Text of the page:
United States

United States

Dodging a death blow in Delaware

After being dealt a near death blow by state regulators, the Delaware offshore wind bid by Bluewater Wind has been granted a second chance. This month, four state agencies are to rule whether or not to force the state's largest electric utility, Delmarva Power, to agree a power purchase agreement (PPA) with Bluewater, which is now owned by Australian investment fund manager Babcock & Brown. Agreement on a PPA is seen as the only way the project will move forward.

The 300 MW proposal was nearly derailed a little over a month ago after the state's Public Service Commission (PSC) said it was too expensive and not in the interest of state consumers. This followed what experts called a blunder on the developer's part: Bluewater included mathematical "worst case" scenario price escalators on price rises of steel, aluminium, copper and other essentials for the wind plant in its mid-September price bid on the contract.

The escalators could have increased the average Delmarva consumer electric bill in Delaware by $55 a month. Company attorney Tom McGonigle says Bluewater has resubmitted its bid without the escalators, which should bring monthly increases on electric bills to between $6.76 and $8.92 for the average Delmarva customer. If the worst-case scenarios of commodity price increases came true, Bluewater is now willing to take that risk rather than pass it on to the utility.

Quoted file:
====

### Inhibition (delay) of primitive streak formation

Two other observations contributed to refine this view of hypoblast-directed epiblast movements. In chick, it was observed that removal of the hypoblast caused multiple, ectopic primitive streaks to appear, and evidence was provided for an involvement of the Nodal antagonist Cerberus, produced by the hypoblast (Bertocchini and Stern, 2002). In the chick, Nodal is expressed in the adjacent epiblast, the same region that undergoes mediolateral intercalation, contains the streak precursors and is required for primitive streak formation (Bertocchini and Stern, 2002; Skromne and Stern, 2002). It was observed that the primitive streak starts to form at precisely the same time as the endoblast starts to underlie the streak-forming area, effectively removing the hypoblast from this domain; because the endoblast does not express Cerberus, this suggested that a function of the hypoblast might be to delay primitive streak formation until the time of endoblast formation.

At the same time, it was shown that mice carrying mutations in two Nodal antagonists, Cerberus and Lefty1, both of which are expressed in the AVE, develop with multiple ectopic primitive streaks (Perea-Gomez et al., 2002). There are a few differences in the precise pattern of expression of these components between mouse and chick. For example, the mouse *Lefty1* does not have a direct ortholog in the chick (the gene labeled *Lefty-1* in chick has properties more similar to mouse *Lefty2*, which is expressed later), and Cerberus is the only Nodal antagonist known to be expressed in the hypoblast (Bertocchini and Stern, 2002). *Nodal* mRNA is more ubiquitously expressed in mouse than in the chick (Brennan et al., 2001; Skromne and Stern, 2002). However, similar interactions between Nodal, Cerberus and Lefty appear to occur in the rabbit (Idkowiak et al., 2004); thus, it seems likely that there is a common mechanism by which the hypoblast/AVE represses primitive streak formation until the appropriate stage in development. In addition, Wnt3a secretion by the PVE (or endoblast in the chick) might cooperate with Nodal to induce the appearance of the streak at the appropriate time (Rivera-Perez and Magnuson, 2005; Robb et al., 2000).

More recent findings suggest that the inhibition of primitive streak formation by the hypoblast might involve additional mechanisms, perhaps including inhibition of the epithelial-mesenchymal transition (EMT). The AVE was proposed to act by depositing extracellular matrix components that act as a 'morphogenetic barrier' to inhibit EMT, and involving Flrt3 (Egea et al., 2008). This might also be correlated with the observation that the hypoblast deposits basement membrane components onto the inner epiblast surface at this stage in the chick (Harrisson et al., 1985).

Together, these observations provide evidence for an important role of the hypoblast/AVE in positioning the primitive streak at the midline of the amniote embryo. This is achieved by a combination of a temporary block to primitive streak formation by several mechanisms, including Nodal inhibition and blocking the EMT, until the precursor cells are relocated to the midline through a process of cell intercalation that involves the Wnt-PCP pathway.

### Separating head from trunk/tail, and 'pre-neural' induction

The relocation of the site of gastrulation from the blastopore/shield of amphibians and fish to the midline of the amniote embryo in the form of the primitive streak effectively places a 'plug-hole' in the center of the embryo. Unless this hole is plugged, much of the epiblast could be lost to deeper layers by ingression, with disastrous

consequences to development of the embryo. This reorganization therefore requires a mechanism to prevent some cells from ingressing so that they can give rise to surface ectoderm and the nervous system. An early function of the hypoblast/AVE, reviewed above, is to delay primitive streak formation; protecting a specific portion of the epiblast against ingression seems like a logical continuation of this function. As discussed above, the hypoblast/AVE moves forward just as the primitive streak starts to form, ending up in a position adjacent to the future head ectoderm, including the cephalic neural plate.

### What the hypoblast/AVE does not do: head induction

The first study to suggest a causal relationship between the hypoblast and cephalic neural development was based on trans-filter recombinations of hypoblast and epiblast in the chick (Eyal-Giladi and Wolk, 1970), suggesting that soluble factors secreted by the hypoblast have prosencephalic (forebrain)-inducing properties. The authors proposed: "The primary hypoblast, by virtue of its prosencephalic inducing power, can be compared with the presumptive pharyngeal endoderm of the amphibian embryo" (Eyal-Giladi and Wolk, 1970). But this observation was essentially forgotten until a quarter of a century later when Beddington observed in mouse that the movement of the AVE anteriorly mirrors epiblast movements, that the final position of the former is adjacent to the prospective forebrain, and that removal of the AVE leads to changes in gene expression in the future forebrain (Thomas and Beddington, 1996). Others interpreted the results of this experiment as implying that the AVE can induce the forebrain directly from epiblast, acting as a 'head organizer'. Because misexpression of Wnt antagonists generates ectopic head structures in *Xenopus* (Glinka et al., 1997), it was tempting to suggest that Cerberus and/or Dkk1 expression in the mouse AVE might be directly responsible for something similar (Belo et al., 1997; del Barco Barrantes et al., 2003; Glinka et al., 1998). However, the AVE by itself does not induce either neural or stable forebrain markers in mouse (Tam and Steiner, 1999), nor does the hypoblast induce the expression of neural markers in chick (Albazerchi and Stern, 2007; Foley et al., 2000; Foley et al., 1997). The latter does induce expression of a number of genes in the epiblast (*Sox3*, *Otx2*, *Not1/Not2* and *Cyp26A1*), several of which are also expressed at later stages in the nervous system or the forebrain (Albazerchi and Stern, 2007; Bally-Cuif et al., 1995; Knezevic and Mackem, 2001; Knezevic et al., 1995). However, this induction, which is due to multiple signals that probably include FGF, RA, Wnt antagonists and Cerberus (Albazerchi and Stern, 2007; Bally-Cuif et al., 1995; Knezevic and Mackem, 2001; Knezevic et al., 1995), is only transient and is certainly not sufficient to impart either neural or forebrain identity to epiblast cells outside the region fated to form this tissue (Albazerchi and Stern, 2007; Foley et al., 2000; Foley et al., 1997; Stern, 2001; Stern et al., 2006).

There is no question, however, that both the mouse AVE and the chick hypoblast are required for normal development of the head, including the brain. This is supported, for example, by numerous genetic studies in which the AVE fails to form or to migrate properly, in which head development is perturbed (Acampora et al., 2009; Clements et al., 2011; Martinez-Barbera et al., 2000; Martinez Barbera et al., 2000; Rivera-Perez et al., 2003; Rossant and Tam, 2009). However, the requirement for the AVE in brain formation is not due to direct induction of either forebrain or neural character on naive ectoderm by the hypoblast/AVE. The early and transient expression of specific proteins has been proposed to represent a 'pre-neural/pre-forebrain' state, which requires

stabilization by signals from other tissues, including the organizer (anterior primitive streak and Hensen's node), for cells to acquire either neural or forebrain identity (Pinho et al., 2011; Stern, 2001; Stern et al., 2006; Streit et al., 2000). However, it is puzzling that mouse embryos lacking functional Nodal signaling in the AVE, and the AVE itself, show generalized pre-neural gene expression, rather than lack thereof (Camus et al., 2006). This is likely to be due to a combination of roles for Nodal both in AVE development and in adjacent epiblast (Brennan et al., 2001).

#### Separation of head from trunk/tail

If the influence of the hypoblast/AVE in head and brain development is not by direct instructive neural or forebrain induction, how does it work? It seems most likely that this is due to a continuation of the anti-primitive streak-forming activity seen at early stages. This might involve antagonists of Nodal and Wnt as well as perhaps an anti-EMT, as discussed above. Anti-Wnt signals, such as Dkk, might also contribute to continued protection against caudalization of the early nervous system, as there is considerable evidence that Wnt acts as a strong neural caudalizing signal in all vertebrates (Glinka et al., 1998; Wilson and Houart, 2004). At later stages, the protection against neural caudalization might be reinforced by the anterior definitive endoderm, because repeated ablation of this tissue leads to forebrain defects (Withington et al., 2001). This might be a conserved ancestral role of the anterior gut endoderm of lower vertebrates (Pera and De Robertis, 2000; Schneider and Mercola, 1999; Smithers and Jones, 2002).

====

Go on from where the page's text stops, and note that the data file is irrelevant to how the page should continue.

In retrospect, Bluewater's decision to put the escalators in their earlier bid was a mistake, says Professor Willett Kempton at the University of Delaware. But politics may be at play, he says, referring to an unproven but stated claim by Bluewater that the developer was misled by the utility into adding the escalators. "The claim is that they were led to do that and some other things that raised the price, like shrinking the project in order to be discounted as being too expensive," says Kempton "So whether it was a blunder or they were led to do something that was then held against them, I cannot say. But it did cause a problem with acceptance of their bid."

By most accounts, Delmarva is not a willing participant in the PPA negotiations and is only going through the motions because a recent state law requires it to secure a long term, environmentally responsible power contract (Windpower Monthly, October, 2007) and state regulators chose the offshore wind plant over two fossil fuel projects to be the subject of further contract negotiations.

Following Bluewater's revised bid without the escalators, the PSC and three other state agencies set a deadline of December 10 for the utility to agree to a PPA with Bluewater. Depending on that outcome, the agencies will decide on December 18 whether or not to back a PPA between the companies.

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